When advocacy groups can’t get their way, they often manipulate science to convince the public to listen to them. After all, according to Pew Research Center, scientists are by far the most trusted individuals. 45 percent of Americans have “a great deal” of confidence in scientists — who better to carry the message?
Few organizations have manipulated science for advocacy as much as the International Agency for Research on Cancer, or IARC. And this time, Congress is stepping in to reign in the lunacy.
IARC’s “monographs,” which review research to determine whether chemicals are capable of causing cancer, were initially just supposed to serve as a guide to identify potential hazards for further study. Since IARC’s job description is limited to identification, the monographs don’t include any context for exposure. That’s how IARC can give wood dust the same cancer ranking as the ionizing radiation of a nuclear blast.
In recent years, activists within the agency have turned IARC’s mission upside down.
Known radical activists like Chris Portier — who worked for Environmental Defense Fund and a French organization convinced that cell phones cause brain cancer — is one of them. Environmental Defense Fund rakes in more than $130 million each year by promoting a global fear of chemicals. But because Dr. Protier isn’t a private-sector scientists, that particularly large conflict of interest was paid no mind when he served as IARC’s only “invited specialist” to evaluate the world’s most popular weed killer, glyphosate.
And the lead scientist who ultimately handed down IARC’s cancer ruling on glyphosate? He deliberately hid data supporting the weed killer’s safety from his fellow scientists. Under oath, Dr. Aaron Blair admitted that his omissions likely altered the course of glyphosate’s review. In a previous chairmanship, Dr. Blair also identified working the night shift as a possible carcinogen. It would make sense if that night shift were spent cleaning up after a nuclear meltdown, Dr. Blair’s evaluation applied to the far more mundane work of restaurant and retail employees, and doctors and nurses.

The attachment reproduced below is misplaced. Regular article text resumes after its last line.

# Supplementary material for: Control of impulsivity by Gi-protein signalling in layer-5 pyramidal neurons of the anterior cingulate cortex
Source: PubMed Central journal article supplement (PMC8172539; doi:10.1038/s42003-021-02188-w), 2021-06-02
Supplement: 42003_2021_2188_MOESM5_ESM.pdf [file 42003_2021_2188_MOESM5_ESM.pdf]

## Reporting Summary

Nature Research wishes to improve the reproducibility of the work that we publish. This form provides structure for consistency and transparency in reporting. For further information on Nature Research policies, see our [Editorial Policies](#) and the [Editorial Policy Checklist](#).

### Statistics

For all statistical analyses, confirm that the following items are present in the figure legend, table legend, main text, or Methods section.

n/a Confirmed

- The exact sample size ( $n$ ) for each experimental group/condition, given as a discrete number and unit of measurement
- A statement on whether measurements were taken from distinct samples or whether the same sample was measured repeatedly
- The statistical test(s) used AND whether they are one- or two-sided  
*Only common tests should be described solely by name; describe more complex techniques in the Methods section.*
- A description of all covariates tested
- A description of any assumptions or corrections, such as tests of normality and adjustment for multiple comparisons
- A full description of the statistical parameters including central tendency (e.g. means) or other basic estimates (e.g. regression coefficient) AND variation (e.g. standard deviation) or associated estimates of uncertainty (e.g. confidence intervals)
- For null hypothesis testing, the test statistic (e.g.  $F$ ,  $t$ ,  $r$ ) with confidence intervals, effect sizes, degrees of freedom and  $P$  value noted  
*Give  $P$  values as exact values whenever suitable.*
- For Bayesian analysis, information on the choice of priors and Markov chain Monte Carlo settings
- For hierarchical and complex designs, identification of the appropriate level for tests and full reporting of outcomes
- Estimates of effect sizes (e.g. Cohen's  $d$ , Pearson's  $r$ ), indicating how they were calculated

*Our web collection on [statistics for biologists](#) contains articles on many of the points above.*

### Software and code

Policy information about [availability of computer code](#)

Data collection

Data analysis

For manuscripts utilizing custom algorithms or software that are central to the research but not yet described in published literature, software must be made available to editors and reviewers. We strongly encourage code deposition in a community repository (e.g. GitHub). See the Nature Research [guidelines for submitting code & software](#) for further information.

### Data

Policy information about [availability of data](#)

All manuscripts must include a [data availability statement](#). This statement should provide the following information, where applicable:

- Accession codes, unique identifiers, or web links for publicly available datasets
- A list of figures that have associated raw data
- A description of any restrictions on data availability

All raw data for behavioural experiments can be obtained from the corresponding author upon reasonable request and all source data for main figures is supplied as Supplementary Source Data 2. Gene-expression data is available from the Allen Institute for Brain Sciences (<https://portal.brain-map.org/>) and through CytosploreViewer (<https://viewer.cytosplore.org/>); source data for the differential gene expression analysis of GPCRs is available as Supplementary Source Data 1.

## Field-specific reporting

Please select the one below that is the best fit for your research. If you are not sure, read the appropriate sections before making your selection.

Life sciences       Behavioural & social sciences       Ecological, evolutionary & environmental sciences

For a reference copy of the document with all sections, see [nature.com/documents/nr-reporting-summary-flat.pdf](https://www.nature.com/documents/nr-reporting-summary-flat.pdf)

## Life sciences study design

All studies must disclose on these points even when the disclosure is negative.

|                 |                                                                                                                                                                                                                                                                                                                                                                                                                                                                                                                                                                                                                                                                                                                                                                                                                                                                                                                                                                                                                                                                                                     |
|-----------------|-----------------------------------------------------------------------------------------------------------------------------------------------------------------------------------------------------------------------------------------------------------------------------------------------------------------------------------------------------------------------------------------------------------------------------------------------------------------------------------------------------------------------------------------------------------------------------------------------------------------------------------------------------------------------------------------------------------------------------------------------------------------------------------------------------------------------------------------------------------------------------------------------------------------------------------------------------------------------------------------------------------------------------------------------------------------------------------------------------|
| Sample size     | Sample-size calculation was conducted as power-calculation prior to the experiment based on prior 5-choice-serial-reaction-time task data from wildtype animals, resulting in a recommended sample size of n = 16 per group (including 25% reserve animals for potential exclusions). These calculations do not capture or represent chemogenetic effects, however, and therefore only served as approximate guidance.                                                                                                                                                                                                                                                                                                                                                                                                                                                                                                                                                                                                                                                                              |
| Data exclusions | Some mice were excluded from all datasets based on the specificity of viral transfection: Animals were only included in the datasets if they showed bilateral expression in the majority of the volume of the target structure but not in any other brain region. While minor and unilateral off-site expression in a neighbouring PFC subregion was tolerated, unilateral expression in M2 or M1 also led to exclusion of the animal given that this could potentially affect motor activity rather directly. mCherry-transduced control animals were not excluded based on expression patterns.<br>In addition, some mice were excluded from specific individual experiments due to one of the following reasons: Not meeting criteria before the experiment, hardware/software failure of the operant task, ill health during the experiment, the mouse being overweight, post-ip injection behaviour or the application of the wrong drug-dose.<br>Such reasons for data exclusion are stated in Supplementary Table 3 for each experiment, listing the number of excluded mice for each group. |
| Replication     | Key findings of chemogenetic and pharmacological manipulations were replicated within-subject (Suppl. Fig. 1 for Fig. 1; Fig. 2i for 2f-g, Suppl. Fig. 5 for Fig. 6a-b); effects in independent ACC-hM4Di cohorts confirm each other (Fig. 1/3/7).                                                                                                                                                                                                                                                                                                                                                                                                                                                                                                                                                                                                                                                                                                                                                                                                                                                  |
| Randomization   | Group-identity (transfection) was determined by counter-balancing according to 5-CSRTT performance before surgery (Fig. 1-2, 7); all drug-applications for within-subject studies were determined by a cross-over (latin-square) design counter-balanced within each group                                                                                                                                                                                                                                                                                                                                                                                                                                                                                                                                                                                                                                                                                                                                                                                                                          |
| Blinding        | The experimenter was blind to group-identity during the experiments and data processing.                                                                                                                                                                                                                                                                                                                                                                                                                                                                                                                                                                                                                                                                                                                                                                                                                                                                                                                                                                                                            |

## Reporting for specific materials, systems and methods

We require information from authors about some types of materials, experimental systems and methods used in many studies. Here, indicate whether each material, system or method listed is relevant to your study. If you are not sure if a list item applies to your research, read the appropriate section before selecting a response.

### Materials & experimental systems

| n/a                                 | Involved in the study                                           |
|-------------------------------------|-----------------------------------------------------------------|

Instead of being used to direct research, these activists in the hen house are pitching monographs as the end-all be-all for carcinogens. They still don’t report risk, so businesses which expose consumers to wood dust (think: Home Depot, Lowes) are scrambling to label their products as carcinogens before they get sued under California’s Prop 65, which is automatically populated by IARC “carcinogens.” Businesses have lost more than $196 million settling frivolous lawsuits from Prop 65 since 2000.
In fact, IARC is responsible for many cancer warnings on products sold in California – even on items as innocuous as flip flops and golf bags. It’s a huge problem that American businesses are losing millions of dollars due to poor quality research being peddled as the ultimate source of cancer knowledge. It’s an even larger problem that IARC has received more than $48 million in taxpayer funding from the National Institutes of Health. More than $22 million of that amount went directly to the monographs program.
Just this week, the House Committee on Science and its Subcommittee on Environment sent a letter to IARC informing the agency that it will likely have to testify about how it conducts its cancer reviews. The Congressional committees also requested all correspondence between IARC and the Department of Health and Human Services.
The Congressional inquiry is intended “to ensure scientific integrity and an honest use of taxpayer dollars,” but we’ll wager that it will find just the opposite.